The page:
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JVM - What is it really?

Phil Mahone
Greenhorn

Joined: May 27, 2003
Posts: 3
I've been looking to find exactly what the jvm is in physical terms.
While I understand that it takes the bytecode, converts it to platform specific binary, and does all the thread handling, garbage collecting, and so on...I have yet to understand what is it physically.
When speaking specifically about java APPLICATIONS, is it just the java executable that gets invoked when you type
>java
at the command line.
It isn't something that is resident, already running on the computer, is it?
Is the JVM a one to one relationship with the program? i.e. is there one jvm running for each
>java myprogram
that I start?
Is this the same as the java runtime? or java interpreter?
Thanks


Phil Mahone<br />scjp1.4<br />I used to be clueless but I've turned that around 360 degrees.
Mark Vedder
Ranch Hand

Joined: Dec 17, 2003
Posts: 624

To answer a couple of your questions...
It isn't something that is resident, already running on the computer, is it?
You are correct, the JVM gets invoked each time you launch a Java program.
Is this the same as the java runtime? or java interpreter?
These terms are often used interchangeably with JVM. However, Java Interpreter can be misleading as discussed (on page 2 of chapter 1) in the treatise I mention below.
Is the JVM a one to one relationship with the program? i.e. is there one jvm running for each
>java myprogram
that I start?

Yes.
For more detailed information about what the JVM is, take a look at Inside the Java Virtual Machine by Bill Venners. He has many of the chapters printed online. Chapter 1 & 5 are probably most applicable to your questions.
sever oon
Ranch Hand

Joined: Feb 08, 2004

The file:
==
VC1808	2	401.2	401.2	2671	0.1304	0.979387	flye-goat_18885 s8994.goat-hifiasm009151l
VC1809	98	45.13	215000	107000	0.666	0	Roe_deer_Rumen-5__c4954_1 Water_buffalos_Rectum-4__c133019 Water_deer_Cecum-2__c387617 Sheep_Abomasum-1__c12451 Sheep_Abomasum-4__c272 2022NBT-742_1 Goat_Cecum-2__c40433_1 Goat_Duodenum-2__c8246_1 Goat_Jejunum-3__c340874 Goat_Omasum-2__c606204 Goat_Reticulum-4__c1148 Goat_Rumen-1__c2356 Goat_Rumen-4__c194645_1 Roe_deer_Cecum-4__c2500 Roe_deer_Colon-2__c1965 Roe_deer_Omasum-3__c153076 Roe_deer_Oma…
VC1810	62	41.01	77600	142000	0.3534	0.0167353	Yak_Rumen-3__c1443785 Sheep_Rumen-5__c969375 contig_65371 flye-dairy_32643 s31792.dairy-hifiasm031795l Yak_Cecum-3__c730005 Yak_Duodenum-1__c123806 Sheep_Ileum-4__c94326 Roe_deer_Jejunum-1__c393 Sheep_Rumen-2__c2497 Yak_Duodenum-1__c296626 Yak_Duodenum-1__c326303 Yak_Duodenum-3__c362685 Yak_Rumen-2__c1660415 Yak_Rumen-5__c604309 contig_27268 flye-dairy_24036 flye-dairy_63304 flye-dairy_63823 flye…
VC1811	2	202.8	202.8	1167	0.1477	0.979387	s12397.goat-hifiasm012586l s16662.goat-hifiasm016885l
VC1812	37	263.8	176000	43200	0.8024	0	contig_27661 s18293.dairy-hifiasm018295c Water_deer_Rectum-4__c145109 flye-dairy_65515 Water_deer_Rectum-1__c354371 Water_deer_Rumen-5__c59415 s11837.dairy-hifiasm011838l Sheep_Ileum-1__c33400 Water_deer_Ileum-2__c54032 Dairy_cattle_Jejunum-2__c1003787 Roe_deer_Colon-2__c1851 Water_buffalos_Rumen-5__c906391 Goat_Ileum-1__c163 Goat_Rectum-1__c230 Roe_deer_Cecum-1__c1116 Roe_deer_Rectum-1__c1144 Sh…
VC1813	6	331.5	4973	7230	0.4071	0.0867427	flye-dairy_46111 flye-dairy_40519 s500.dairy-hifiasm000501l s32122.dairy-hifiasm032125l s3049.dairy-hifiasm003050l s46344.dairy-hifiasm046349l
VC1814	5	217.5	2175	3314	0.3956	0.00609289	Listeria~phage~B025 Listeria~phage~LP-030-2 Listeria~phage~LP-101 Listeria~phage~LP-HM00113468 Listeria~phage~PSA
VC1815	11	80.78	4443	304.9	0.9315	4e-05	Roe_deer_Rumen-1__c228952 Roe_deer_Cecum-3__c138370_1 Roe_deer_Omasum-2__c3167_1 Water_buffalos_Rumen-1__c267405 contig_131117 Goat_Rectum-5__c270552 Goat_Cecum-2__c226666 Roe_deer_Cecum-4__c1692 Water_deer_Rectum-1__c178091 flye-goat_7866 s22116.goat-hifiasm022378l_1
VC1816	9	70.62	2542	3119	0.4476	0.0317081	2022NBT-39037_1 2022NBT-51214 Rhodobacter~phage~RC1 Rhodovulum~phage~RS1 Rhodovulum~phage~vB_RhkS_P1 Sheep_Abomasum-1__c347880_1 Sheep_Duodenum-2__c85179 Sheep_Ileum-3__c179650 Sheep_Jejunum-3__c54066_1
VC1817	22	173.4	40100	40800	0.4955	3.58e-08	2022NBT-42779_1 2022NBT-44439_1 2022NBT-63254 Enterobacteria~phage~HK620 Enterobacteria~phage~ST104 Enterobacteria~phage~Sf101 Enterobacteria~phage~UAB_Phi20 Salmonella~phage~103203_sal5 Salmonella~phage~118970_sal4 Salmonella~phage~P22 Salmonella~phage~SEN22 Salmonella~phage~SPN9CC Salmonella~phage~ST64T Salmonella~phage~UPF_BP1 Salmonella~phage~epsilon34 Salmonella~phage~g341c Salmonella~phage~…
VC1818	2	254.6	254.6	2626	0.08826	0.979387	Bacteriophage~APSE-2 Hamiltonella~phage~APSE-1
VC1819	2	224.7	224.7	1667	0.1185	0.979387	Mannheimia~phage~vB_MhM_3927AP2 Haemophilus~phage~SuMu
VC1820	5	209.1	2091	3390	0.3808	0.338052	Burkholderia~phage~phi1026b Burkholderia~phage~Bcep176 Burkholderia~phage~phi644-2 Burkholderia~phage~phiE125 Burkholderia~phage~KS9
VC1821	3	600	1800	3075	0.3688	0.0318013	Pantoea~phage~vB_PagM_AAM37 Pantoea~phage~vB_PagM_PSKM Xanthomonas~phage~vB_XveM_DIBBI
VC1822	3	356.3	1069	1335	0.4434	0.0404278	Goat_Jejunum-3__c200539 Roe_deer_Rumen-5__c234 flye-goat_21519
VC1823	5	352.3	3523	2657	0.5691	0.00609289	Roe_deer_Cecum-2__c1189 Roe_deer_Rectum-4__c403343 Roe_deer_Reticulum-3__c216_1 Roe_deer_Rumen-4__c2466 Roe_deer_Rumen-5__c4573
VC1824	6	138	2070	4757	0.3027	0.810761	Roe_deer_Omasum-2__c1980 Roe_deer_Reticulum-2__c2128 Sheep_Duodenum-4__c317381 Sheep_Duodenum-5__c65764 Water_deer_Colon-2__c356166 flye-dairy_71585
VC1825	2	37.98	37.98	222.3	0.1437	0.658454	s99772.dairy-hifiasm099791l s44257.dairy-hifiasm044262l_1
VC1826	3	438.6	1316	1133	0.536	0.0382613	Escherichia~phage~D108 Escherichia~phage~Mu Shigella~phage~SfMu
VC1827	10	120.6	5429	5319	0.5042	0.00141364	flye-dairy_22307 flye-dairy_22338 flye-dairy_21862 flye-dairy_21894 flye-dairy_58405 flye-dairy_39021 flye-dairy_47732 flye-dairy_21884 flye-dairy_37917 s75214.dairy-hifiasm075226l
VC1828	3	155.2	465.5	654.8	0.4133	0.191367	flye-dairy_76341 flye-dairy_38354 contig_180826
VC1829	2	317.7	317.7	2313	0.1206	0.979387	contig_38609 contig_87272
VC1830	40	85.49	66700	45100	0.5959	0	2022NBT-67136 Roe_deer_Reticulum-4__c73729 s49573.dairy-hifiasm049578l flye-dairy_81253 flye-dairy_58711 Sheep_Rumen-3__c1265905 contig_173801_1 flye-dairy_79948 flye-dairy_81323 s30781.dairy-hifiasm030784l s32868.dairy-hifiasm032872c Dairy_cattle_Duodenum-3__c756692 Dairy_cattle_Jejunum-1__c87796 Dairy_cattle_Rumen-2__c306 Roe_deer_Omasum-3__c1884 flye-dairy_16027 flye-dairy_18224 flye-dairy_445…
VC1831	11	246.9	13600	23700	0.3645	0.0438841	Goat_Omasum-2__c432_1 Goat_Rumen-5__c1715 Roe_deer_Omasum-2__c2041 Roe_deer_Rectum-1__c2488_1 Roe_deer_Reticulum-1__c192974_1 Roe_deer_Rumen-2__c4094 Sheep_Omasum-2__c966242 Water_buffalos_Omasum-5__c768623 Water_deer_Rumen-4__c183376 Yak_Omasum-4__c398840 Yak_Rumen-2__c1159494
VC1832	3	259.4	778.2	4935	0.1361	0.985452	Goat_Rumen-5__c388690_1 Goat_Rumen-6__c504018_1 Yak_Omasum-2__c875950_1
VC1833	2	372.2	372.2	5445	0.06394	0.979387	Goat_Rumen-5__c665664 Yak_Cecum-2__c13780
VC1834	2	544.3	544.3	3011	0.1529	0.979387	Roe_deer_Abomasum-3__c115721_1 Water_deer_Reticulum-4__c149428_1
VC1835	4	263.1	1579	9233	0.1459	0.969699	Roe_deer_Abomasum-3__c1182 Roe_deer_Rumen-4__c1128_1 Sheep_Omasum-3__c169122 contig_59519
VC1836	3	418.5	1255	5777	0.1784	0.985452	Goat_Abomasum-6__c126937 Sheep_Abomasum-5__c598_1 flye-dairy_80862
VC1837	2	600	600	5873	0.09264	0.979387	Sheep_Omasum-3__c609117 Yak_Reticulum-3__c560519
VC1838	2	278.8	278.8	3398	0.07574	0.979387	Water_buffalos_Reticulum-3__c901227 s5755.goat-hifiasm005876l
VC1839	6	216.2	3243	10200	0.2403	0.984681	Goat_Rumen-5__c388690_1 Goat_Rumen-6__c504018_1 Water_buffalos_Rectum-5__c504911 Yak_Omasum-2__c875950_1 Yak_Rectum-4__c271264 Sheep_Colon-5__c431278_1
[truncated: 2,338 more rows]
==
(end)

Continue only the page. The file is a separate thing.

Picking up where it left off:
Posts: 268
To give you a somewhat general, but concrete idea of the JVM, imagine how your CPU runs code. It has a bunch of registers. (A register is a circuit that is a sequence of 32 wires...there's either a voltage on a wire, meaning it represents a 1, or no voltage, meaning it represents a 0.)
Each register is given a purpose in the CPU, so the CPU looks at some registers and treats the content as data, and it looks at one other register and maps the bit sequence to an instruction (for instance, add the contents of data register 1 to the contents of data register 2 and place the result in data register 3).
The JVM is basically a CPU, except it's implemented in software instead of hardware. Just as a program runs on a hardware CPU by loading data into the data registers and instructions into the instruction register one after another, the JVM runs byte codes through its software CPU. It's not called a "virtual machine" for nothing.
So the JVM's job is to take the code that's been compiled for it--class files--and run the bytecodes by translating them into the machine language that is unique to the underlying hardware platform. So a JVM that runs on a PC can take a Java program and translate it into the machine code for Intel chips, whereas the JVM installed on the Mac platform will take those same bytecodes and translate them into machine code that runs on a Motorola PowerPC CPU.
That's how Java carries off platform independence--in C, you have to recompile for every CPU that has a different machine-level instruction set. In Java, you compile for the virtual machine, and let the VM translate for you at runtime.
Make sense?
sev
 
Consider Paul's rocket mass heater.
 
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